Gameplay: Battle system in Pokemon Conquest resembles that of previous strategy JRPGs like Final Fantasy: Tactics. You can control up to six pokemon on a grid. Like a traditional pokemon game, these battles take type strengths and weaknesses into consideration. Psychic can’t hurt Dark, Dragon falls to Ice, etc. The majority of kingdoms favor a specific type of pokemon, reminiscent of Pokemon Gyms, which makes larger battles easy to prepare for. In these battles it is necessary to micromanage your pokemon and think beyond action/reaction to play well. You must carefully think about pokemon types and the scope of your pokemons attacks. Some pokemon can only attack one square ahead of them, while others can attack through three squares. If you like strategy games, than you’ll probably enjoy this type of combat. The merging of Pokemon with Nobunga’s Amibition worked particularly well here to create a unique and enjoyable rendition of strategy RPG combat.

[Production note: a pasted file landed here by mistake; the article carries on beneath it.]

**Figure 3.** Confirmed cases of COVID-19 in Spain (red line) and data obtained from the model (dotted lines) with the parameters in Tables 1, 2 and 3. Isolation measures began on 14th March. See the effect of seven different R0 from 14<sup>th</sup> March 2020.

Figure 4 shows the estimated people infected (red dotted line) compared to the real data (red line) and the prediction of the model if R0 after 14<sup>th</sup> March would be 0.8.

While the majority of the game is focused on combat and conquering new kingdoms, there is a secondary emphasis on collecting warriors and pokemon. Within each kingdom there are locations where you and your warriors can travel to fight wild pokemon and warriors unattached to a kingdom. You must defeat “wild” warriors within three turns to be able to draft them to your side, although with certain warriors there are other conditions that must be met. To obtain pokemon, a warrior must link with themWarriors can link with any pokemon, but most warriors favor specific types and have one pokemon that they form a perfect link with. The higher the link the stronger a pokemon can become. For instance if my link with a pokemon can only go up to 50%, then once 50% has been reached, the pokemon stops growing. Perfect links are are links with the potential to get to 100% which theoretically means those pokemon should be pretty powerful. If a warrior has a 100% link with a venipede, it still doesn’t work out that way.